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St George’s scientists reveal a world influenced by parasites

Published: 29 November 2019

worm parasite

The latest talk in our Spotlight on Science series welcomed people from across London and beyond to an evening of parasitic discovery.

Three scientists from St George’s Institute for Infection & Immunity promised a night exploring how parasites have played a part in wars, industries, the rise and fall of empires, and still to this day divide us along poverty lines.

Dr Cathy Moore kicked off the evening introducing the audience to several of the “usual suspects” that are responsible for around one million deaths per year, worldwide:

  • Hookworm – a parasite that enters the host’s skin and eventually finds its way to the intestines via the lungs. Here it will feed on the rich blood supply, causing anaemia, which in turn can lead to poorer performance in school and reduced earnings in later life.
  • Schistosomiasis – a disease caused by flatworms called schistosomes. It can cause genital sores that increase the risk of HIV infection in adults by three to four times.
  • Neurocysticercosis – caused by eating food contaminated with tapeworm eggs, this condition is one of the leading causes of seizures and epilepsy worldwide.
  • Leishmaniasis – transmitted by the sand-fly, this disease can cause visible sores on the skin, often leading to women being treated as social pariahs and becoming trapped in poverty.
  • Malaria – five different species transmitted by mosquitoes, which are responsible for around 500,000 global deaths per year. In Malawi, 32.1% of average annual income among poor households is spent on malaria treatment.

Each of these parasites not only pose massive health challenges for their human hosts, but create a vicious cycle of infection, disability, poverty and further disease.

However, these conditions haven’t been able to attract the same amount of research funding as other comparable diseases, as today they mostly affect the “bottom billion” of the poorest individuals on the planet.

Benedict Davies, a PhD student focused on a particular species of malaria, gave the rundown on some of the more surprising elements of how these diseases have affected certain populations and their impacts beyond human health.

Nazi plots, slavery and civil war

Typically, malaria is most prevalent between the tropics, where mosquitoes carrying the parasite thrive and infect populations. But in the Second World War, it has been suggested that Nazi scientists attempted to bring the disease a little closer to home, attempting to use malaria as a biological weapon by flooding the marshes en route to Rome. Although this mostly resulted in increases in civilian cases of malaria as opposed to harming Allied forces.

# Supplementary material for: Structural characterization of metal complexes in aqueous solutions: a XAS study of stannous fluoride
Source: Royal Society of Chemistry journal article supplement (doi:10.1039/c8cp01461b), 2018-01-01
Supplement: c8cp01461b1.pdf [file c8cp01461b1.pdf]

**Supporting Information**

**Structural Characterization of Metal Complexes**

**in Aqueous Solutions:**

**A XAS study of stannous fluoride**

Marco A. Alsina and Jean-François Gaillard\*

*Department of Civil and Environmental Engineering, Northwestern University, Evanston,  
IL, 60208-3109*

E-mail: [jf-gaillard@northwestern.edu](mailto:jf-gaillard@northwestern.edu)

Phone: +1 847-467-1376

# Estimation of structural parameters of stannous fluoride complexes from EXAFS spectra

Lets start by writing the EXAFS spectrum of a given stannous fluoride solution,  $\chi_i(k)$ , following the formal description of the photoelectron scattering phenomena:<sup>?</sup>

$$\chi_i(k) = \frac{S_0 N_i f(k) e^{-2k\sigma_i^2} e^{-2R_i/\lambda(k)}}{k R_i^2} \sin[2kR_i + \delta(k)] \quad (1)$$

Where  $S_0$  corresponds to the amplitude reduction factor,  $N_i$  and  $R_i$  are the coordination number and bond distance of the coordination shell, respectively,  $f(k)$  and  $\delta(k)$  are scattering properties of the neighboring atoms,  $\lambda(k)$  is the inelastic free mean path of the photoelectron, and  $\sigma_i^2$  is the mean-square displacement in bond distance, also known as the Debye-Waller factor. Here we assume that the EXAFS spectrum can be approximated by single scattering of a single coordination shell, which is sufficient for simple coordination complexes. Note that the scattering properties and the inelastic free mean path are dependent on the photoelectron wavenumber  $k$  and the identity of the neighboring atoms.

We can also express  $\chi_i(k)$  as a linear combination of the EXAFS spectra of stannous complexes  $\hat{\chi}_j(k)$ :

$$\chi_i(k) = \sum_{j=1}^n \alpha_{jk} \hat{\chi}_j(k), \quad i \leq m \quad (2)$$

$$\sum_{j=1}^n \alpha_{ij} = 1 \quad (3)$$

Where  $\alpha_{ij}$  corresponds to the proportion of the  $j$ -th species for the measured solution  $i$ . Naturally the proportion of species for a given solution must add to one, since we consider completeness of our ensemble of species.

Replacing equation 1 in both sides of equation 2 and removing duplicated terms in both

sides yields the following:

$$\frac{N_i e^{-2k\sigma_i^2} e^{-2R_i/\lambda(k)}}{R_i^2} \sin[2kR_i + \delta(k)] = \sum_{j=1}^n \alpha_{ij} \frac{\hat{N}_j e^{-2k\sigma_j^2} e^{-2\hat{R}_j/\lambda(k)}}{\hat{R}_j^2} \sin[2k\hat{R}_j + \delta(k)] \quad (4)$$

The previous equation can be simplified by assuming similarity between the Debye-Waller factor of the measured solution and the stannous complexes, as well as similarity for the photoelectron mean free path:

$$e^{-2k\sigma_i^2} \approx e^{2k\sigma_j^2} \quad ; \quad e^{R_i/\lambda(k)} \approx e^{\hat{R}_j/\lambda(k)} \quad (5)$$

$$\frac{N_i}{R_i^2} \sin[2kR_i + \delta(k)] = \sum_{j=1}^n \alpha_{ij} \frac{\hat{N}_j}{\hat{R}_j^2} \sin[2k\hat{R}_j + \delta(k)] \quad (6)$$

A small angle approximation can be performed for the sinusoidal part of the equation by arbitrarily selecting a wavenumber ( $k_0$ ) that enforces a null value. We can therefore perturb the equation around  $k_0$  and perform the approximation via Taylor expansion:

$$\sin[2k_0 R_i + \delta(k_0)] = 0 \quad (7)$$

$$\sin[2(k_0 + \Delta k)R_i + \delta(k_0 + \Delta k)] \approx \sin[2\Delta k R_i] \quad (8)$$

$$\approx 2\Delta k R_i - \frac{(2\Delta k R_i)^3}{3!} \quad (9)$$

In another surprising effect on the warfront, hookworm, which was brought to the US on slave ships, may have affected the outcome of the American Civil War.

“While the North had sturdy boots made of cow leather, the deer skin shoes of the South were far more likely to fall apart,” explained Davies. This made it more likely that the Southern troops would be infected with hookworm through their feet, potentially causing lethargy and leading to losses in battle.

Unfortunately the infection has returned to plague the lives of poorer communities in the Southern states of the US today, where lack of suitable footwear and pools of raw sewage appear to be contributing to this inequality.

Parasites continue to play their part in preventing the growth of communities around the world, but St George’s scientists are trying to find ways to reduce this burden on society.

Diagnosing and treating the culprits

Dr David Clark, the final speaker, chose to focus on how scientists are developing new techniques to better diagnose which specific parasites are causing people’s illnesses. Once the culprit is found, it’s then much easier to treat patients with the appropriate therapies.

One of the most effective methods to uncover the underlying cause of disease is to amplify DNA samples to try and find the specific patterns associated with different parasites. But more work needs to be done to create a point of care device – something that St George’s scientists are working on.

“We need devices that are more accurate, fast, portable, and inexpensive,” explained Dr Clark. With devices often having to reach remote regions, the new devices will also need to be durable enough to withstand the journeys to where they are needed.

The technology is developing at a great rate, and the latest equipment will build on existing designs so that multiple diseases can be identified in one go.

If we can diagnose and treat these conditions better than before, the most deprived communities on this planet could be freed to live their lives without the burden of playing host to these invading species.

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